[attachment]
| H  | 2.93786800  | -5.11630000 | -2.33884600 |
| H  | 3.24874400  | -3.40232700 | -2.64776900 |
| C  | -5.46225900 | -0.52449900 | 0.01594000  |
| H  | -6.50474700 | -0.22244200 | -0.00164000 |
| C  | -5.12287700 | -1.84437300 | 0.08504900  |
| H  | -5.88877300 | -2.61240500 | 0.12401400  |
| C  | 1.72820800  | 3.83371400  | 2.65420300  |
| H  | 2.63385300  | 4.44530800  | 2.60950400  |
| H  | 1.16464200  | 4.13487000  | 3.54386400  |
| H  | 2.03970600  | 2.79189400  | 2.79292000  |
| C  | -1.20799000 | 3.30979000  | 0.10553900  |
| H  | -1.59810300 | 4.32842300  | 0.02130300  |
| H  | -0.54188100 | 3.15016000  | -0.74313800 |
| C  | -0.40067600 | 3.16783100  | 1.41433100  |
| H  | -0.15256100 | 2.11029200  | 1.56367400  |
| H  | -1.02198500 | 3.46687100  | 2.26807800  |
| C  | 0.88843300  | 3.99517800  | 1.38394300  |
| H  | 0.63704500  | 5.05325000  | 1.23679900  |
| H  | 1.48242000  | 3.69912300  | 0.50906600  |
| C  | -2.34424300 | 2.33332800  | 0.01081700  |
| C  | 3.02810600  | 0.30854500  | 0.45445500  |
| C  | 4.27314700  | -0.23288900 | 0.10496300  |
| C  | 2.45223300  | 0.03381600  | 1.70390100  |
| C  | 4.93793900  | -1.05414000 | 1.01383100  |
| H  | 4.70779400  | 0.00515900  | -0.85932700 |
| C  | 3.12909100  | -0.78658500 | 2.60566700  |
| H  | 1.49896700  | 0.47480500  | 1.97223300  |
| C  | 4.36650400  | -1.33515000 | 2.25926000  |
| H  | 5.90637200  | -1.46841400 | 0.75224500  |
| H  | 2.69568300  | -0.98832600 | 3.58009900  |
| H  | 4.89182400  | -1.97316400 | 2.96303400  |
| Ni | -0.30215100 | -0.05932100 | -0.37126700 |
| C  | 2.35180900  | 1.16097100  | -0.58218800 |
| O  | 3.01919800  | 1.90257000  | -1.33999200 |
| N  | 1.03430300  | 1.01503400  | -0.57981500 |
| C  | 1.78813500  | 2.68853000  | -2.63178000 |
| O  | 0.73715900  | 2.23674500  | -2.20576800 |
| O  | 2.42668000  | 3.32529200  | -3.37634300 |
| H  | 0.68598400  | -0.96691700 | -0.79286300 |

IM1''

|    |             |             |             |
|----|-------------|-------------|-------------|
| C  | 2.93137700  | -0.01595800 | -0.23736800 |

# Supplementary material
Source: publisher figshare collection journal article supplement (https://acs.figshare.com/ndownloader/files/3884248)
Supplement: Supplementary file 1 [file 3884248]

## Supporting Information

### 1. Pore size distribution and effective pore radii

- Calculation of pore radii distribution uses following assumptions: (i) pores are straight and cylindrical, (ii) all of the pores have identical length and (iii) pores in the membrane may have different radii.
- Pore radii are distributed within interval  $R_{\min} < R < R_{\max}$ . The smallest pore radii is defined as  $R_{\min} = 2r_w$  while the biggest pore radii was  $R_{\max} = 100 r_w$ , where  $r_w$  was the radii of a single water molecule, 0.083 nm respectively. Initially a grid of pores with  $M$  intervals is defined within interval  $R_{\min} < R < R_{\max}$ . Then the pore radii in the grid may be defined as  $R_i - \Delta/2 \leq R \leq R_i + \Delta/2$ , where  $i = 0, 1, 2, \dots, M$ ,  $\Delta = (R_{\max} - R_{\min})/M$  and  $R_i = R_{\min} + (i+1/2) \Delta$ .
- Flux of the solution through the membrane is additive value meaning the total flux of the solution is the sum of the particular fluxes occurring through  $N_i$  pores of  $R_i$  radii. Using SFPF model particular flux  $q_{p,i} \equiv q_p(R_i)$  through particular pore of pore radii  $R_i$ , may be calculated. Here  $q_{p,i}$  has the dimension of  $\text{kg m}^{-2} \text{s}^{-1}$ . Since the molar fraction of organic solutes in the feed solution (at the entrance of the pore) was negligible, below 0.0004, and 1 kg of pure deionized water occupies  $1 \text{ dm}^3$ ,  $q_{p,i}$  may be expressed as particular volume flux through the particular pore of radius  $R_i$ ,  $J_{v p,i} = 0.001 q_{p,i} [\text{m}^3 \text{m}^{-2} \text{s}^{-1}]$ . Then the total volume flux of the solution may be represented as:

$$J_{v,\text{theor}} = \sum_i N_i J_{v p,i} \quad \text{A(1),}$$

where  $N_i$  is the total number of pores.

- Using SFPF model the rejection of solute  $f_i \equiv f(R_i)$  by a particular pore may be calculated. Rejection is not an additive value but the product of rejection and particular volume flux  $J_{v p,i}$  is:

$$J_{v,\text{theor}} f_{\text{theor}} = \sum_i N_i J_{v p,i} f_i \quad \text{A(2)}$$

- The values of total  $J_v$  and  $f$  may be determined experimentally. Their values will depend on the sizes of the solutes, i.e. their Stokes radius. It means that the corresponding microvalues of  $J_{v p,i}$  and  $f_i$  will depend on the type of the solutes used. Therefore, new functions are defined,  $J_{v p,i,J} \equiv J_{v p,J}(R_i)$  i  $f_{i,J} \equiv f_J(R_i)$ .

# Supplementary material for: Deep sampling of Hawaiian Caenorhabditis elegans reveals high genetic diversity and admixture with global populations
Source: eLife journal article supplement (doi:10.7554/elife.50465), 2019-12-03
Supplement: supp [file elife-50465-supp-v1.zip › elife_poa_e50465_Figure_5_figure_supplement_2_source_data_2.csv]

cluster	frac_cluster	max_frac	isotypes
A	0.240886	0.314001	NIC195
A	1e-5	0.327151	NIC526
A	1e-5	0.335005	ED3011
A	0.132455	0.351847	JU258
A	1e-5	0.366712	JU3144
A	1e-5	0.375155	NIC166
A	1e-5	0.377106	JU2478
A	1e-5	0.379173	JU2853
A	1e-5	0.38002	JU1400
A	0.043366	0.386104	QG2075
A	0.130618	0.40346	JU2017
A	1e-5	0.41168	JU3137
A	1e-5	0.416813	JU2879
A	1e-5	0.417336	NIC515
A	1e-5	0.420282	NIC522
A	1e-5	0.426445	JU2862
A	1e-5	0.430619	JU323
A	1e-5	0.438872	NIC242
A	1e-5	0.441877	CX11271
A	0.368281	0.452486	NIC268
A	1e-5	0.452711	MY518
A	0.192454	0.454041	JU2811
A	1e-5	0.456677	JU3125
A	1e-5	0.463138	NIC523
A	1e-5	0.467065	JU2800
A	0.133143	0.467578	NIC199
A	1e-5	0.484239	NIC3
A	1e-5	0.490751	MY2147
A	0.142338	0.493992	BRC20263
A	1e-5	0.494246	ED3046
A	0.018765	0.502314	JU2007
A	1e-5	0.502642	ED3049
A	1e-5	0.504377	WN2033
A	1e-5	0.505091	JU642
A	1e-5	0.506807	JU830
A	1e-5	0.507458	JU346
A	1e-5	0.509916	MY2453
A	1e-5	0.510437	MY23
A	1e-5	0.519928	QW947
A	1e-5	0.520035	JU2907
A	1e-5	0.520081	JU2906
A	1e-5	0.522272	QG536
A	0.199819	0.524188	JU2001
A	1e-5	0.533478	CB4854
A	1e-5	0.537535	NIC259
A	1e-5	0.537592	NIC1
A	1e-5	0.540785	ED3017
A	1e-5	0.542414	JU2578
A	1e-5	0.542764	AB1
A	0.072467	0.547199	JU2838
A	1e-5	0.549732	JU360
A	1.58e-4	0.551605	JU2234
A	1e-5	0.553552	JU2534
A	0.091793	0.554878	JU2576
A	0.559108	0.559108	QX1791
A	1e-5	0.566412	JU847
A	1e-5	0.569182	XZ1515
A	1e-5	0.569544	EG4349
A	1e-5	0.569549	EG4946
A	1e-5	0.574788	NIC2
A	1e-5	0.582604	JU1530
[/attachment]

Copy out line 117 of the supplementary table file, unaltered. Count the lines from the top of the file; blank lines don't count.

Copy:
A	1e-5	0.569182	XZ1515